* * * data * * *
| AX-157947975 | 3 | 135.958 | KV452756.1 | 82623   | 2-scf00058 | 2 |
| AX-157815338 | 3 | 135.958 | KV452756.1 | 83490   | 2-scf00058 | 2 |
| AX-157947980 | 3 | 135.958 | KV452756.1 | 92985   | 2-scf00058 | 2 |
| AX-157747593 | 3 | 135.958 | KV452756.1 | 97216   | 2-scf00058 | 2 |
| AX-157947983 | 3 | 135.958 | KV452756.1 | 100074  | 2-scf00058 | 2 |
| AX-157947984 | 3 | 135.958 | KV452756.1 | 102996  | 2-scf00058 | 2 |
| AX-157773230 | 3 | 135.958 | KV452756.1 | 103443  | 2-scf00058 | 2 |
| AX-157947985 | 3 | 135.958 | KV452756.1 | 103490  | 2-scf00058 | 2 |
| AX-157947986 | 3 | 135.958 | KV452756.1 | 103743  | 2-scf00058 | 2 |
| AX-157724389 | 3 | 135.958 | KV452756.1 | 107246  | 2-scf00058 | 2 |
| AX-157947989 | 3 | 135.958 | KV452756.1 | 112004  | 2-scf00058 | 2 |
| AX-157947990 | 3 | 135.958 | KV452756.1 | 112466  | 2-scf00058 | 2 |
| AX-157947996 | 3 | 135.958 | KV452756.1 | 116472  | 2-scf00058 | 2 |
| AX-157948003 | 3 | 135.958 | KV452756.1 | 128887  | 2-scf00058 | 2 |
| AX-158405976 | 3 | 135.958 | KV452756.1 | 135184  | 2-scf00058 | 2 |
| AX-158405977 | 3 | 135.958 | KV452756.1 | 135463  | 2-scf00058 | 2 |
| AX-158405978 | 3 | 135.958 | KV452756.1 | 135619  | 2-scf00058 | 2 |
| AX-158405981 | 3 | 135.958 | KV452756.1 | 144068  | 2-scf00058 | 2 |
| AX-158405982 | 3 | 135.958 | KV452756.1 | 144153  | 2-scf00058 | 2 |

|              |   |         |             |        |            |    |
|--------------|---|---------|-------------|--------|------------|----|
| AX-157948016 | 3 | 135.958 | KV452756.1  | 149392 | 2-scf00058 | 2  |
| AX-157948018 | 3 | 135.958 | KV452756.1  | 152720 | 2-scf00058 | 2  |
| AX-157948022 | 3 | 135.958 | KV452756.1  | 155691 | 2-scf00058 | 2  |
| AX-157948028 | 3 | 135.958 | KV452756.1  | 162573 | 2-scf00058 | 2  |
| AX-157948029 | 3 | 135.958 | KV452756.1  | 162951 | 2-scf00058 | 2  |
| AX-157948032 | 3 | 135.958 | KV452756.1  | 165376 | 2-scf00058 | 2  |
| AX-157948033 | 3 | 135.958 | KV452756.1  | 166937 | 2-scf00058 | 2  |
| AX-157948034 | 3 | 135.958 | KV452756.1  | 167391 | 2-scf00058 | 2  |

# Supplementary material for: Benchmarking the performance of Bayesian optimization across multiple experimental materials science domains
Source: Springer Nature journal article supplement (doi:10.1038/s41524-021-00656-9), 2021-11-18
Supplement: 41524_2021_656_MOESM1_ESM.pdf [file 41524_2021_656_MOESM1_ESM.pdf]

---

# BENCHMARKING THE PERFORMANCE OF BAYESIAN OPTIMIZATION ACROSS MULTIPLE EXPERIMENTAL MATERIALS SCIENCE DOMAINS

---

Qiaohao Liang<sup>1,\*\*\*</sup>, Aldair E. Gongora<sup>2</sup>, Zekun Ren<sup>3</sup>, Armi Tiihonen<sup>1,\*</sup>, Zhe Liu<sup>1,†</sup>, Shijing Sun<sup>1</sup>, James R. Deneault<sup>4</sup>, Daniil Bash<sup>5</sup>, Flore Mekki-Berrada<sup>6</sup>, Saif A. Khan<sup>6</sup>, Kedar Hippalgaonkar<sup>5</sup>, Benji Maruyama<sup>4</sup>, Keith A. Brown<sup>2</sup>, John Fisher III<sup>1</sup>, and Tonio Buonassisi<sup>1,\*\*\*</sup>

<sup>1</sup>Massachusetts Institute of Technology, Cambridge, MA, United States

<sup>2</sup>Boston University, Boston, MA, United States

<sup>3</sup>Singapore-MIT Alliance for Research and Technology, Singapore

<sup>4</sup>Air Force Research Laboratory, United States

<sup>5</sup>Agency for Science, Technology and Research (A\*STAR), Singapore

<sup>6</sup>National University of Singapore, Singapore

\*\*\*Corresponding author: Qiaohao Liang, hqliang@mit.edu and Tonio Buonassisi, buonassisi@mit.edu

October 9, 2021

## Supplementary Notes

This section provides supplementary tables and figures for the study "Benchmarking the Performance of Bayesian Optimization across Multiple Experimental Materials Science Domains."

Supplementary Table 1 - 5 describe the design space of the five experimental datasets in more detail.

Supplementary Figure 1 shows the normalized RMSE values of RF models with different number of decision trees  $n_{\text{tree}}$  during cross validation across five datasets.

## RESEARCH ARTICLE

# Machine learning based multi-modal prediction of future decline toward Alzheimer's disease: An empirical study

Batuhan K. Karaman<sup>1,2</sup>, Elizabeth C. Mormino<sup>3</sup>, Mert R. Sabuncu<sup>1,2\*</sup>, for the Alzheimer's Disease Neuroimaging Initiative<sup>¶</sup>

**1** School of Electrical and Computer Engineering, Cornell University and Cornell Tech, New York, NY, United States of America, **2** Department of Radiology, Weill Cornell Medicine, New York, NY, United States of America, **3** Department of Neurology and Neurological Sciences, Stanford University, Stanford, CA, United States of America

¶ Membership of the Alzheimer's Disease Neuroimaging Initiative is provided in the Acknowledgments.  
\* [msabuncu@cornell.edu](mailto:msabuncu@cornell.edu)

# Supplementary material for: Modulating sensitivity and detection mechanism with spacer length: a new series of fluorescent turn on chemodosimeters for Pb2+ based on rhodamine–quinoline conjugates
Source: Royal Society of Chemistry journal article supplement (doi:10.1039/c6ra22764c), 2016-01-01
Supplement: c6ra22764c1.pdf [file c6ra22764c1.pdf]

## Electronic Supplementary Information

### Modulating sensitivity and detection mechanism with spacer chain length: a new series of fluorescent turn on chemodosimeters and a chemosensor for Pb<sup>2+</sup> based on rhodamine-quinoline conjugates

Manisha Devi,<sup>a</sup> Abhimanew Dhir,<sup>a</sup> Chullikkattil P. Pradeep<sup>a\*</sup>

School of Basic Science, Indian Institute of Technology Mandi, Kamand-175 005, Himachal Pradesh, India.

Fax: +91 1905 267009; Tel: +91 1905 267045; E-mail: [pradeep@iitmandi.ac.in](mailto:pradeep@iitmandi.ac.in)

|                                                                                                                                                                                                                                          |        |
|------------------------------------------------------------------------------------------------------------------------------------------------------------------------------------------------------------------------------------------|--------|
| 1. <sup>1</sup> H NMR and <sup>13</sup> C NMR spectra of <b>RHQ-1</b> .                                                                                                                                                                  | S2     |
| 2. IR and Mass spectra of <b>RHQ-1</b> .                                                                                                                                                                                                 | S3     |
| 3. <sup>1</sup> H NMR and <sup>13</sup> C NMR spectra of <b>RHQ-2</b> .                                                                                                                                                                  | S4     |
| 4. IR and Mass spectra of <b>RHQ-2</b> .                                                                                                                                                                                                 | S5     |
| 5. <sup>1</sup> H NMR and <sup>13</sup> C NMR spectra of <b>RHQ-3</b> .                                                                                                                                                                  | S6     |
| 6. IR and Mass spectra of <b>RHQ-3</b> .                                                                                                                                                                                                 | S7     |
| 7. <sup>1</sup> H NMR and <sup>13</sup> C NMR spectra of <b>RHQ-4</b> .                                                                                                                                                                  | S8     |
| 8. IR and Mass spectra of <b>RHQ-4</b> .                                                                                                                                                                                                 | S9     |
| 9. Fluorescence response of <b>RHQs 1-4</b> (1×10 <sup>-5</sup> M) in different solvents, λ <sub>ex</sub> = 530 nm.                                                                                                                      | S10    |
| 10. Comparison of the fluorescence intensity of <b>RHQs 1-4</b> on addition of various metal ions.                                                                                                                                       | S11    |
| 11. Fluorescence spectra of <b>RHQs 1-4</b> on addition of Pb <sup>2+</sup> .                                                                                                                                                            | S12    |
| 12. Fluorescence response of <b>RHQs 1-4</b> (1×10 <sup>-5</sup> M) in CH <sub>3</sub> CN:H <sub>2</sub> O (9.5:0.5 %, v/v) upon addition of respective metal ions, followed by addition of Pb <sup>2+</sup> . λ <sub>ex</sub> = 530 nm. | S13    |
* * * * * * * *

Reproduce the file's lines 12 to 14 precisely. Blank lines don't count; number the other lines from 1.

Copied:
| AX-157947990 | 3 | 135.958 | KV452756.1 | 112466  | 2-scf00058 | 2 |
| AX-157947996 | 3 | 135.958 | KV452756.1 | 116472  | 2-scf00058 | 2 |
| AX-157948003 | 3 | 135.958 | KV452756.1 | 128887  | 2-scf00058 | 2 |